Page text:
Wednesday, April 25, 2012

Post 1976 - An Ode To Hash

So, I get home from Toastmasters this evening.  Which is good, because I go most every Wednesday night, and it's always nice to be able to get home from something, because that's what's all about.  Getting home from work.  Getting home from the doctor's.  Getting home from the hospital.  Shows you're still among the living.


I got home from Toastmasters this evening.  Patricia had taken the bus and was watching television.  She gestured toward the kitchen and indicated there was something on the stove for me to have for dinner.   Which is good, because I had not bought something on the way home.

It was the meal that my mudder always made for us growing up.  Hamburger hash.

Now, before you reach for the phone and call 911 and arrange for the Department of Justice to kick me out of my home under the proceeds of crime act, let me tell you that "hash" is, to poor folk, just fried, diced potatoes, usually in some kind of oil.  Hamburger hash is hash with cooked hamburger mixed in.  If you want to get fancy, you can add some other vegetables like peas or carrots.  Onions are a nice addition, too.  It is a simple, hearty meal, so don't overdo it on the other ingredients.

Grew up eating that stuff.  I'd grown tired of it by the time I left home in 1988, but over the years, my cravings for it have only grown stronger.  It is a treat for me to eat this stuff when I go home to see my mother now.  She tries to make sure I have it once a month or so.  She eats a bit of it and then cedes the rest of it to me.  I spoon large quantities of it onto my plate, add some ketchup and salt, and start eating, holding the plate in such a way that the fork and the plate itself can be used as weapons against anybody who tries to take the food away from me.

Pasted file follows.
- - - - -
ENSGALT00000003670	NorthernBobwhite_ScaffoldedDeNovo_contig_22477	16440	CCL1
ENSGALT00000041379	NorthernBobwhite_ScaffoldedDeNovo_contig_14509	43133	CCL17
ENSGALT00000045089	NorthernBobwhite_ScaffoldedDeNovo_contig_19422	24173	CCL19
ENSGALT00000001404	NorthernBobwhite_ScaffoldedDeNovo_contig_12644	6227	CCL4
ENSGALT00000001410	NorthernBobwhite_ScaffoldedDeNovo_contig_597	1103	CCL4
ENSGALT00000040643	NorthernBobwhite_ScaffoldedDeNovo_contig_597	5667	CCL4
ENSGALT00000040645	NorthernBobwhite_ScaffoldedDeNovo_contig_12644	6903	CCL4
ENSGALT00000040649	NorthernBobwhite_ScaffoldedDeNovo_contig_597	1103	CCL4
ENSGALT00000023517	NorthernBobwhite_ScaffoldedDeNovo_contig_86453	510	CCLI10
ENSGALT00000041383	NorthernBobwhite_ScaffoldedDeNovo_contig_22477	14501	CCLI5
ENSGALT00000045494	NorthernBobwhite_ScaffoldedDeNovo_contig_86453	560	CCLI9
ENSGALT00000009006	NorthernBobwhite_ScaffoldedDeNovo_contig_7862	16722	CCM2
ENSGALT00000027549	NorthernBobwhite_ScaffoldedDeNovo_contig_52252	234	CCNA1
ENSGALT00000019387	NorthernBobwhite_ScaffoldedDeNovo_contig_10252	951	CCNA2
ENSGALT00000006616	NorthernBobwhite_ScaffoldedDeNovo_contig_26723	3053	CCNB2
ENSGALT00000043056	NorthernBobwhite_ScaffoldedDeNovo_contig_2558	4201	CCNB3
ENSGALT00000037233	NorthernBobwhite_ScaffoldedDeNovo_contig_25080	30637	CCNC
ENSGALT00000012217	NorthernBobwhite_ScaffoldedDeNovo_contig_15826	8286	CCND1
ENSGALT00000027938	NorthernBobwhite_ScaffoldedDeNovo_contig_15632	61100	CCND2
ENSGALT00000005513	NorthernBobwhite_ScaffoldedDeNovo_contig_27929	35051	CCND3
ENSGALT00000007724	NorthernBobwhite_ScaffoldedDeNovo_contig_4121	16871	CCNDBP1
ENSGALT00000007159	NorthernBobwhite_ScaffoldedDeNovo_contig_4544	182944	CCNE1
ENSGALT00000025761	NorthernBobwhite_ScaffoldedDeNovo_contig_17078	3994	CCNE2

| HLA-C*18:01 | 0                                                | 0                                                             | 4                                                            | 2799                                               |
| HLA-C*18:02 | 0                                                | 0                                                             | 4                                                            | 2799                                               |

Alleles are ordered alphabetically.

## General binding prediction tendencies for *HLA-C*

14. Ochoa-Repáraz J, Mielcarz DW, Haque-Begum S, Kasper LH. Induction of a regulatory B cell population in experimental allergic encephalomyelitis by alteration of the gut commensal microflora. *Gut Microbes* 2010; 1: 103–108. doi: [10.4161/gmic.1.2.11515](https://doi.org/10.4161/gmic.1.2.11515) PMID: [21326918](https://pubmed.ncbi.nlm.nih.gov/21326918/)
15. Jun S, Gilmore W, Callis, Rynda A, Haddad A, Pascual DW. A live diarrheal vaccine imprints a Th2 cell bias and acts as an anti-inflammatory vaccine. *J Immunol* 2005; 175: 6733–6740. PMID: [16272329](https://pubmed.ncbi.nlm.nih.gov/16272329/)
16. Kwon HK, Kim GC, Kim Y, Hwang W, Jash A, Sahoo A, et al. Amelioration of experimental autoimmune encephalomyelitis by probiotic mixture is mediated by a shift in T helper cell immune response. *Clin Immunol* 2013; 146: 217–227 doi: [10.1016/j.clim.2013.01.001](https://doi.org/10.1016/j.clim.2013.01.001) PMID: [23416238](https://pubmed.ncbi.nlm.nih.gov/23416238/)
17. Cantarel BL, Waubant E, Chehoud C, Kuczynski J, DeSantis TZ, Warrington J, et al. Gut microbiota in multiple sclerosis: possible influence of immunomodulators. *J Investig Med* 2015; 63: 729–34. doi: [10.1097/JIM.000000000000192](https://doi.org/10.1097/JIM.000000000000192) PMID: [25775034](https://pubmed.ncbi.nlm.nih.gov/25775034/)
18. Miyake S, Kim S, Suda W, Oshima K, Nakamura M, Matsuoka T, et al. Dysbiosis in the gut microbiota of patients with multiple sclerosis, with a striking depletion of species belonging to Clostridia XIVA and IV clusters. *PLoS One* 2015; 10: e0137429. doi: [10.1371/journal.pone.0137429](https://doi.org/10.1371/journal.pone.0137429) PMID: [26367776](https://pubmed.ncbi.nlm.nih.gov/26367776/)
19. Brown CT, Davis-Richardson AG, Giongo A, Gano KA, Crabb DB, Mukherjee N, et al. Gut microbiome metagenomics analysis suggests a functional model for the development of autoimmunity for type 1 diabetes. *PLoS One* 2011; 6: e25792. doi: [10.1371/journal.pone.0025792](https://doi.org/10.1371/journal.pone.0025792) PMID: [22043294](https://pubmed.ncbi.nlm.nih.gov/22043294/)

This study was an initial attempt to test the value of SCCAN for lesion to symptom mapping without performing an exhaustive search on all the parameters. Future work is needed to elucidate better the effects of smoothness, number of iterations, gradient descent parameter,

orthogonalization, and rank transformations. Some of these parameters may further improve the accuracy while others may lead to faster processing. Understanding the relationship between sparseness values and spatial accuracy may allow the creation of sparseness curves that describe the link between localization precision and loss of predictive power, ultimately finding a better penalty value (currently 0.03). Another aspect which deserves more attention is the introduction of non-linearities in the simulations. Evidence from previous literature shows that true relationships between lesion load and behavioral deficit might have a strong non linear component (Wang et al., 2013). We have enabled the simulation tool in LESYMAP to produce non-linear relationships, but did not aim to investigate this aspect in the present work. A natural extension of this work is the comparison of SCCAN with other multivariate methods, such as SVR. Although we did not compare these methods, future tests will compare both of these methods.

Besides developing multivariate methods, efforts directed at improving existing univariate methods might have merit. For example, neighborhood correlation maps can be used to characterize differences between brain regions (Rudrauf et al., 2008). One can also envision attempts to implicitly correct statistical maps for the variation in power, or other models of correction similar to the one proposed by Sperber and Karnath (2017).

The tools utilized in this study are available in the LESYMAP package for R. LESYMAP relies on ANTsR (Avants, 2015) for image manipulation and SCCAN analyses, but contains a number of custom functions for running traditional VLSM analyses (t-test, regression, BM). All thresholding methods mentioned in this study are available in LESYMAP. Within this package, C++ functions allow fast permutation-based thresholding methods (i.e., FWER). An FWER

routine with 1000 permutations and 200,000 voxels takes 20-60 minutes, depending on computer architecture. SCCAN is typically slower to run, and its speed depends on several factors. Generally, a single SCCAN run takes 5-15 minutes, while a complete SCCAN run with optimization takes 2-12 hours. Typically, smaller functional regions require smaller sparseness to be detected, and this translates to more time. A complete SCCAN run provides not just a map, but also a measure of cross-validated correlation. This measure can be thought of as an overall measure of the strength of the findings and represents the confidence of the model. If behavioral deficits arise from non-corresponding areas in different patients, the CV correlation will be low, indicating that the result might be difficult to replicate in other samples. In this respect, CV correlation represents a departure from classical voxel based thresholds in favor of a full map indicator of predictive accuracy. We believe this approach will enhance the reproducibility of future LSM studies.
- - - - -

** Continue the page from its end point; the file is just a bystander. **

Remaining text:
One time a year or so ago, I ate 3 heaping helpings of this wonderful dish.  I only stopped eating  because I wanted to keep some for my lunch the next day.

Dad barely understood my interest in this meal, because after I moved out, my mother continued to prepare it, until Dad was so sick of it that I'd almost swear some of his ambulance trips to the hospital were a way for him to get out of eating it.  But I went several years without having hamburger hash, and only started eating it again when I mentioned to my mother how much I missed it.  She got the hint (well, it was more like me begging her to make it for me!), and now it's a semi-regular edition to my Annapolis Valley diet.

Why am I telling you this?

Well, Patricia made it for me this evening.  And every time I think of it, I think of home and a simpler time that is gone forever, as sad as that makes me.  Sometimes, these simpler reminders are just a way to take me back to those times, and that will have to do.

Patricia's hamburger hash was good.  Real good.  But I wish she had made more.  Only had 2 platefuls.

See you tomorrow.


1 comment:

Ken said...

Ahhhh, the memories of childhood that come flooding back....